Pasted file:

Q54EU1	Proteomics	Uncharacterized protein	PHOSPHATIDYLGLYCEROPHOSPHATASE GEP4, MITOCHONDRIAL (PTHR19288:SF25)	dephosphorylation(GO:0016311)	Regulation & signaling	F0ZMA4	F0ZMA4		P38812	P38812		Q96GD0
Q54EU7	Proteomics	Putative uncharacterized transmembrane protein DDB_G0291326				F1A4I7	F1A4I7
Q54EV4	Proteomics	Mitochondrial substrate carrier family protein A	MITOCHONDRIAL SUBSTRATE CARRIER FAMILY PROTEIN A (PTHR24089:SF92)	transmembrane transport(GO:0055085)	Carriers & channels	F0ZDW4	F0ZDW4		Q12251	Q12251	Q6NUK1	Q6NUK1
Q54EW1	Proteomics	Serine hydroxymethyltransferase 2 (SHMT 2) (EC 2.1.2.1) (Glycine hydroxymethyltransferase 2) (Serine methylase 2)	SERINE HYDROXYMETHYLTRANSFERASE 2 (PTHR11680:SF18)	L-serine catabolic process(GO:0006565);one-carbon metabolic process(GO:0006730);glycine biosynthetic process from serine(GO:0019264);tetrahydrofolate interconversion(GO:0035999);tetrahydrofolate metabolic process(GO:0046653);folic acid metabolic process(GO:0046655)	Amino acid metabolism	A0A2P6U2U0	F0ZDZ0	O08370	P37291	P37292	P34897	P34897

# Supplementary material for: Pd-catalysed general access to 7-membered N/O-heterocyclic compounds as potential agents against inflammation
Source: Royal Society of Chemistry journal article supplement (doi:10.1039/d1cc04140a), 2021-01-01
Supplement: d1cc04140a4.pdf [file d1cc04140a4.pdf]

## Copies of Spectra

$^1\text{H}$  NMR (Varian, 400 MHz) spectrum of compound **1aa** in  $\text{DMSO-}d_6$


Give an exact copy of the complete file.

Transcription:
Q54EU1	Proteomics	Uncharacterized protein	PHOSPHATIDYLGLYCEROPHOSPHATASE GEP4, MITOCHONDRIAL (PTHR19288:SF25)	dephosphorylation(GO:0016311)	Regulation & signaling	F0ZMA4	F0ZMA4		P38812	P38812		Q96GD0
Q54EU7	Proteomics	Putative uncharacterized transmembrane protein DDB_G0291326				F1A4I7	F1A4I7
Q54EV4	Proteomics	Mitochondrial substrate carrier family protein A	MITOCHONDRIAL SUBSTRATE CARRIER FAMILY PROTEIN A (PTHR24089:SF92)	transmembrane transport(GO:0055085)	Carriers & channels	F0ZDW4	F0ZDW4		Q12251	Q12251	Q6NUK1	Q6NUK1
Q54EW1	Proteomics	Serine hydroxymethyltransferase 2 (SHMT 2) (EC 2.1.2.1) (Glycine hydroxymethyltransferase 2) (Serine methylase 2)	SERINE HYDROXYMETHYLTRANSFERASE 2 (PTHR11680:SF18)	L-serine catabolic process(GO:0006565);one-carbon metabolic process(GO:0006730);glycine biosynthetic process from serine(GO:0019264);tetrahydrofolate interconversion(GO:0035999);tetrahydrofolate metabolic process(GO:0046653);folic acid metabolic process(GO:0046655)	Amino acid metabolism	A0A2P6U2U0	F0ZDZ0	O08370	P37291	P37292	P34897	P34897

# Supplementary material for: Pd-catalysed general access to 7-membered N/O-heterocyclic compounds as potential agents against inflammation
Source: Royal Society of Chemistry journal article supplement (doi:10.1039/d1cc04140a), 2021-01-01
Supplement: d1cc04140a4.pdf [file d1cc04140a4.pdf]

## Copies of Spectra

$^1\text{H}$  NMR (Varian, 400 MHz) spectrum of compound **1aa** in  $\text{DMSO-}d_6$